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How to Talk Money With Children - Part 3

How to Talk Money With Children - Part 3

(Reading time: 3 - 6 minutes)

Our last in the series of helpful tips on talking money with the 3 age groups - Children 4-8, Tweens 9-12 and Teens 13-18.

Part 3: Children (13-18)

Australian parents have concerns about how their children will navigate their financial future. More than two in five (45%) are concerned their children will lack the skills they need tobe financially successful once they become independent.
FPA Share the Dream Report 2018

Raising financially savvy teenagers

Clinical child psychologist, Emma Spencer explains how to teach teens the value of work and money.



Encourage your teen to get a part-time job. A part-time job is a fantastic skills-builder. If you think they’re ready, then encourage them to start working. There’s so much to be learnt from a part-time job aside from money. Building connections, learning responsibility, customer service skills and manners are important stepping stones to adulthood.


Set expectations for household contributions. It is getting much harder for young people to leave home because of the high cost of living, so I don’t expect my children to contribute money to the household while they’re in school. Once they are working, if they are still at home, that’s the time to discuss board, contribution to groceries and so on.

I advise against giving your teenager a free ride, because that’s not how the world works.


Warn teens against buying things on credit. As a teen, I would put things on layby to slowly pay them off, so I understood the value of what I was buying. Now, teens use AfterPay without understanding how the payments work. Speak to your children about the pitfalls of buy-now-pay-later shopping. Instead, encourage them to save for what they need, and not to go into debt for something they want.


Encourage your teen not to spend all their money on treats and socialising. Unless they are going out for a planned social occasion, I personally think that buying snacks out is not the best use of money. Especially if your teen still lives at home, and you are providing meals for them, then encourage them to eat at home and pack their lunch as a good way to save. Plus, you can have great conversations over shared meals.


Let them make mistakes. As parents, you can encourage sensible decisions based on wants and needs, but apart from that, teenagers should learn for themselves. If your child ends up in debt, as a parent you would naturally want to help them out. But experience is a great teacher.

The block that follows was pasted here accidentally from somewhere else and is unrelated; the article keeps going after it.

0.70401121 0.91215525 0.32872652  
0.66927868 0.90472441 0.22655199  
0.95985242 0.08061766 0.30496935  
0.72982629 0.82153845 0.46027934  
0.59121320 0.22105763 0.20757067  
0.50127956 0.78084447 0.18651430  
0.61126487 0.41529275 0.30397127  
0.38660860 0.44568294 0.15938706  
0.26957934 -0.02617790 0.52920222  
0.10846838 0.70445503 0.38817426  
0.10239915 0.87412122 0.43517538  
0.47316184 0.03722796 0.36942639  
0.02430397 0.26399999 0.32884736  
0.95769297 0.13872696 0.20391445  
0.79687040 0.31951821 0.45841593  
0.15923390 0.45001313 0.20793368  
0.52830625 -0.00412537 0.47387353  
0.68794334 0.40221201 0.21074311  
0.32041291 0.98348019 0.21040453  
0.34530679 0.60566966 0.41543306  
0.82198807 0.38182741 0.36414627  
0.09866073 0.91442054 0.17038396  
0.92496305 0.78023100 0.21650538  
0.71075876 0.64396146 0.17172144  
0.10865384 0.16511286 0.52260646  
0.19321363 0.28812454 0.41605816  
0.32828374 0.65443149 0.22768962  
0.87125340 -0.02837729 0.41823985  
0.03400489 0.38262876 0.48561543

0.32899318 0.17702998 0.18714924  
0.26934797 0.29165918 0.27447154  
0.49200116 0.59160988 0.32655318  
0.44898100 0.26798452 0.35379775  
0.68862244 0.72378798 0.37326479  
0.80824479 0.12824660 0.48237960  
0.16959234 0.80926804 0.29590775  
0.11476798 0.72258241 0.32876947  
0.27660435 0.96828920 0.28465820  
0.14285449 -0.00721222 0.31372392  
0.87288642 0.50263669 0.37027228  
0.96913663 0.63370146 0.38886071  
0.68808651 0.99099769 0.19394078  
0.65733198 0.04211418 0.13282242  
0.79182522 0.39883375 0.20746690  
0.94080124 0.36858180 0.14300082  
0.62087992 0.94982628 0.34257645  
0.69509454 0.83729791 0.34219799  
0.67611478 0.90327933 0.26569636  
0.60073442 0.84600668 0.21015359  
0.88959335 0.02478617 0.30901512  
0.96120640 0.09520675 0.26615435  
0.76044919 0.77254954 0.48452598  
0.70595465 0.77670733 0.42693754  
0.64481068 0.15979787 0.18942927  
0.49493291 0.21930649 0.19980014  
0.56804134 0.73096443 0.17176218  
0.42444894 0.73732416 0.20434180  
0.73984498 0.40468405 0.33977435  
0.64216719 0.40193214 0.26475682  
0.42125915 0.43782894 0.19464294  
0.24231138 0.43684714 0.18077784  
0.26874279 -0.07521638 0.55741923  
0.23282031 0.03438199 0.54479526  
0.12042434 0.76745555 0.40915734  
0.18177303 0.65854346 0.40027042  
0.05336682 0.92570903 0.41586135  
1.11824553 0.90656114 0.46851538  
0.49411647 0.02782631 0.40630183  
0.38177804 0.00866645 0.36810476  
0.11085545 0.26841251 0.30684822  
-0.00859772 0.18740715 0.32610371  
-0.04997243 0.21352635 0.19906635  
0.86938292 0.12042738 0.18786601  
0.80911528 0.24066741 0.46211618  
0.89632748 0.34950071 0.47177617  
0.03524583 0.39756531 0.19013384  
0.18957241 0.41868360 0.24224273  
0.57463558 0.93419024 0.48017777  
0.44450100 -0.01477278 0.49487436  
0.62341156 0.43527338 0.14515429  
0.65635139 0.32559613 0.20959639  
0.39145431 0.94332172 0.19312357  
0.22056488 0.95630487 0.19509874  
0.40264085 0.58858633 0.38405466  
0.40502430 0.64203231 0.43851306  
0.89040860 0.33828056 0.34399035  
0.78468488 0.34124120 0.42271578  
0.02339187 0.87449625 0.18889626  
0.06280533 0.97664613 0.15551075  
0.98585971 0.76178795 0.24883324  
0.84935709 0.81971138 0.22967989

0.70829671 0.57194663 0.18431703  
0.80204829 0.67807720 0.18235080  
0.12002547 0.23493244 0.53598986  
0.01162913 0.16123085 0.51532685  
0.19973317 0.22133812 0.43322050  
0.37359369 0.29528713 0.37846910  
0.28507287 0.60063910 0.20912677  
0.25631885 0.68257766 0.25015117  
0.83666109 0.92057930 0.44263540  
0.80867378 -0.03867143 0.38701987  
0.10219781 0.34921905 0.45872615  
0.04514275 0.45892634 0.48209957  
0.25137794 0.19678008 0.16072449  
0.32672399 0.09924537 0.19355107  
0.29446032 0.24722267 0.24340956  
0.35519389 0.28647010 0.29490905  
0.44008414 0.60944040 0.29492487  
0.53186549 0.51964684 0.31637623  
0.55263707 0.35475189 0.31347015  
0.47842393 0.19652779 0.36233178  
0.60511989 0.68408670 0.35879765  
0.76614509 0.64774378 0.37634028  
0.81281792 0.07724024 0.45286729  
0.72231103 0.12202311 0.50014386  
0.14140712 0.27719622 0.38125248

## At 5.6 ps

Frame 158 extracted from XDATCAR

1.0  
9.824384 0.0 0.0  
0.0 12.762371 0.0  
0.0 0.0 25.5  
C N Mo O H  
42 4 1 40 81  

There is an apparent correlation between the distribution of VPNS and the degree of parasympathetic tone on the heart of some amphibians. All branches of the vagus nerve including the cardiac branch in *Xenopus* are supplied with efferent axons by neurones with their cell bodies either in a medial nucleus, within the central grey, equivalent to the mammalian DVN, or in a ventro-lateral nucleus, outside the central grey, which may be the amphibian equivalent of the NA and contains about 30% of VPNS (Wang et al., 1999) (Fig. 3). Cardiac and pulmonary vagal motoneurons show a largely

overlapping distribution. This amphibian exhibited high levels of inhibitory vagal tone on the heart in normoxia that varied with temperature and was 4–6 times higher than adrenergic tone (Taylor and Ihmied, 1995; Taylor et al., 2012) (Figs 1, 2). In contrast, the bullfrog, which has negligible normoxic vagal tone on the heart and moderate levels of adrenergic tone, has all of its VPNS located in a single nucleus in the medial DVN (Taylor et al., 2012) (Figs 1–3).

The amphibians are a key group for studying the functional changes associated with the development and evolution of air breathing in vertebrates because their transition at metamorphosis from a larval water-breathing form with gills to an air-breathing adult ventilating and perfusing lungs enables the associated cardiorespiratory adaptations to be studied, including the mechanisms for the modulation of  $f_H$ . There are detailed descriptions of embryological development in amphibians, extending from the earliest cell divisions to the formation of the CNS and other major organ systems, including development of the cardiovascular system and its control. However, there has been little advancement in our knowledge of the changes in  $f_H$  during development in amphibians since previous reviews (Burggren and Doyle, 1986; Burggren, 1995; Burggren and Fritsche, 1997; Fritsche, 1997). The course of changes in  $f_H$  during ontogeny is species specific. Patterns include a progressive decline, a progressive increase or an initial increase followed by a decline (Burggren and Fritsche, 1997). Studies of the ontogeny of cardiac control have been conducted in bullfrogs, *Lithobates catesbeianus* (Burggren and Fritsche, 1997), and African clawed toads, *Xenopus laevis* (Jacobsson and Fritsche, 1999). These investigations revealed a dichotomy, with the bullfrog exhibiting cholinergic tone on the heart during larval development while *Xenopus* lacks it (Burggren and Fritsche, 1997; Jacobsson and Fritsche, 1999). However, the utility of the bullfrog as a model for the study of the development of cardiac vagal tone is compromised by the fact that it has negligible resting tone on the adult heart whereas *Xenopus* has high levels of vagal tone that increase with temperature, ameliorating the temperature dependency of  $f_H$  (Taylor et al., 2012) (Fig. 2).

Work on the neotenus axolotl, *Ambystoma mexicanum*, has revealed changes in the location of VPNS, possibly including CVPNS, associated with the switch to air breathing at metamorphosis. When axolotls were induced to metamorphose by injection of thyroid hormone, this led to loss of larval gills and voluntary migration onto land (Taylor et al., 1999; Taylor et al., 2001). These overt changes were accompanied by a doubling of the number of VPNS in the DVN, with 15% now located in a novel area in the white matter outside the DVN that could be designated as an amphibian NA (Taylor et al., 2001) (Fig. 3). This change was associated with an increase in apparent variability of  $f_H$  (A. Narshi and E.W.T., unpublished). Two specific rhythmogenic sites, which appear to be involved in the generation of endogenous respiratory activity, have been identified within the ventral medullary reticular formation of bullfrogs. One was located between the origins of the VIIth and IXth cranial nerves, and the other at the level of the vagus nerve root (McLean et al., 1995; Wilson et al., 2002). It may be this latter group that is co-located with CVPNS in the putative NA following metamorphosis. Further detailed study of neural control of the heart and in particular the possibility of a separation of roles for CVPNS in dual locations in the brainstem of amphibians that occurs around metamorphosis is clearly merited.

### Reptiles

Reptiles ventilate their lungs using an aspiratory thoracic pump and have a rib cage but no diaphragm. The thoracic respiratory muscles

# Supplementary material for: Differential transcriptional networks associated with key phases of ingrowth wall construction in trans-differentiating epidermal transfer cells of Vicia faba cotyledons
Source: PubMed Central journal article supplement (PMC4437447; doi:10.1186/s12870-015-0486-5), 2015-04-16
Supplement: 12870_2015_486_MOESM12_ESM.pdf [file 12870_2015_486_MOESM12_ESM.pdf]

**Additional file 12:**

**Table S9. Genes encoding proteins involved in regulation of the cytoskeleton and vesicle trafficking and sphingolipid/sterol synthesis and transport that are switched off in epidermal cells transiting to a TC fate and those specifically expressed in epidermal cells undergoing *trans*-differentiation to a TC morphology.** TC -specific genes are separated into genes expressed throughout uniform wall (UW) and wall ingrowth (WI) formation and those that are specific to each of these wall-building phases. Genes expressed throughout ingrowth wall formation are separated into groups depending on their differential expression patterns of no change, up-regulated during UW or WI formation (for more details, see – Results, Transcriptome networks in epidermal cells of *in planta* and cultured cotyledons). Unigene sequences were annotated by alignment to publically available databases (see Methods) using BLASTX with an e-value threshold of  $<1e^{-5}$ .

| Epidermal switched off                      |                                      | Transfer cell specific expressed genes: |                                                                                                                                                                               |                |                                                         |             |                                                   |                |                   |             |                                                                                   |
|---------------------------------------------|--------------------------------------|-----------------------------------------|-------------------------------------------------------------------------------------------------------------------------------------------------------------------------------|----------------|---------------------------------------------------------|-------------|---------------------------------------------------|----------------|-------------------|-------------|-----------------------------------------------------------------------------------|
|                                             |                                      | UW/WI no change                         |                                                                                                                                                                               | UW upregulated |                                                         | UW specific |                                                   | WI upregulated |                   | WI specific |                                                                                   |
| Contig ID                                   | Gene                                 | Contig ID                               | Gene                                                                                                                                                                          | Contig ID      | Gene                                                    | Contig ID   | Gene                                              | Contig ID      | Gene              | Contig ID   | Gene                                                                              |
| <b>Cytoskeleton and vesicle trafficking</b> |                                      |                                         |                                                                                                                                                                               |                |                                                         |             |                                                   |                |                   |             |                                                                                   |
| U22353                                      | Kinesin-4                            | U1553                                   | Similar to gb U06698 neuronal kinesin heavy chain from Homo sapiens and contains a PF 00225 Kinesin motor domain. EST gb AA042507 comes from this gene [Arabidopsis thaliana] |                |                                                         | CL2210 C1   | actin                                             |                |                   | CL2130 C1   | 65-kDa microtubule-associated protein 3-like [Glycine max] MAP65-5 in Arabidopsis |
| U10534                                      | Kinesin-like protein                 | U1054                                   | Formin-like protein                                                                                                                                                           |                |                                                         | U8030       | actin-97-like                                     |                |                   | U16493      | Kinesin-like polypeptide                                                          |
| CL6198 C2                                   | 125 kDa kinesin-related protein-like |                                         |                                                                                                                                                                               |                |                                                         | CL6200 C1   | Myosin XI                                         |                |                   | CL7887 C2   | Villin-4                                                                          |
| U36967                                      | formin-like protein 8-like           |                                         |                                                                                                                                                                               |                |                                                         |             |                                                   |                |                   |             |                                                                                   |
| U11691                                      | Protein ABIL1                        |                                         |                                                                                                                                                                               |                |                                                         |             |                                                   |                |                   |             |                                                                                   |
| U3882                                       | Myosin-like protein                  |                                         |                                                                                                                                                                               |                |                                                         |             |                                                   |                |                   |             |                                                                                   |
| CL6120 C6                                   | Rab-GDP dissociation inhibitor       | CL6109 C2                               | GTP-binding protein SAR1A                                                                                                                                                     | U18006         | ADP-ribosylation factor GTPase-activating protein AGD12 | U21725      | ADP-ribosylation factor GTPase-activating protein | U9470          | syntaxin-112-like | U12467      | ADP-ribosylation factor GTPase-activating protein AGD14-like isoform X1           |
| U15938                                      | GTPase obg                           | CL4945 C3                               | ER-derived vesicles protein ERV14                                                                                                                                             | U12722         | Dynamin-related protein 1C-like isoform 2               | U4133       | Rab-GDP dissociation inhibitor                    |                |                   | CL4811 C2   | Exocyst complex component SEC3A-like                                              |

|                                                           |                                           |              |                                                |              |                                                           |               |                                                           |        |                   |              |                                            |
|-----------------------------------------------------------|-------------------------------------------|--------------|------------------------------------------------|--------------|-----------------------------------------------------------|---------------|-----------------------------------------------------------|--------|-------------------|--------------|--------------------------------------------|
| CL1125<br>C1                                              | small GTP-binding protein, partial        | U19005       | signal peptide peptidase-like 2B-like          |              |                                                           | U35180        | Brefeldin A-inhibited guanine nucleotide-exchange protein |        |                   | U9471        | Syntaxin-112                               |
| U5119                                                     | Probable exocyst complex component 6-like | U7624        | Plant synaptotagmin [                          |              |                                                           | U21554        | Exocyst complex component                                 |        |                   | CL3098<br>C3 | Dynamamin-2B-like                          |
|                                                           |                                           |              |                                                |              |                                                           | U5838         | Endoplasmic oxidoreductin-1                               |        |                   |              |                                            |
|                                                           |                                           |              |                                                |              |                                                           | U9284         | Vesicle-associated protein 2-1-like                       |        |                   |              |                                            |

How to teach your teen to plan for their future

Teens love to spend whatever is in their pocket. Financial Planner and mother of two teenagers Fran Hughes CFP® explains how to make planning easy for teens.


Involve your teens in planning for family holidays. Ask them to help you do the research and get them involved in the saving and sacrificing needed to get there. Get the whole family together to make plans and discuss what sacrifices or trade-offs have to be made to achieve the goal. But, don’t forget to make it a cheerful experience, not a chore. You’re planning a holiday after all!


Create a weekly spending tracker for your teen to manage. Begin by giving them a small amount of money for lunch and entertainment, and consider increasing it as a reward after they’ve proven that they can manage the money sensibly.


Gradually add financial responsibilities to help your teen develop their financial management skills. Only a parent knows how much money their child should be responsible for. Until their mid-teens, my girls received $20 per week for jobs around the house.


Teach teens to save for the big things. When my girls ask for an $80 pair of shoes, I don’t just buy them. Instead, I ask, “Do you need them right now? Are you prepared go without today, or wait four weeks and save your weekly $20 allowance?” Giving them two choices allows them to weigh up their options and consider the value of money.


Stick to the principles of budgeting. Reward good habits, not bad. If they blow their budget, don’t lend a helping hand by giving extra money. Sure, they may get upset if they don’t have enough to go to the movies on the weekend. But the greatest learning is often found in failure, so allow your teen to stumble. They will learn from it.


Teach the power of saving early in life. The one money habit I want to pass onto everyone is “the two-thirds rule”. Always save one third of your earnings to reward your future self, and encourage living within your means using the other two thirds. The earlier your teens start saving the more interest they’ll earn, which can accumulate over time.


Help your children save with incentives — perhaps for every dollar they save, you can give them 20c interest to help boost their savings.


If you haven't read the full series or FPA Share the Dream Report, you can download them here.

Download the eBook - How to Talk Money with Children PDF

Download the full report on research into raising the Invisible Money Generation - FPA Share the Dream PDF


Need some help on how to guide your teens to be more money wise?

Why not book an appointment or give us a call and arrange to speak with one of our advisors, contact us on 02 9328 0876.

Article by - FPA and Money & Life |

General Disclaimer: This article contains information that is general in nature. It does not take into account the objectives, financial situation or needs of any particular person. You need to consider your financial situation and needs before making any decisions based on this information. Please seek personal financial advice prior to acting on this information.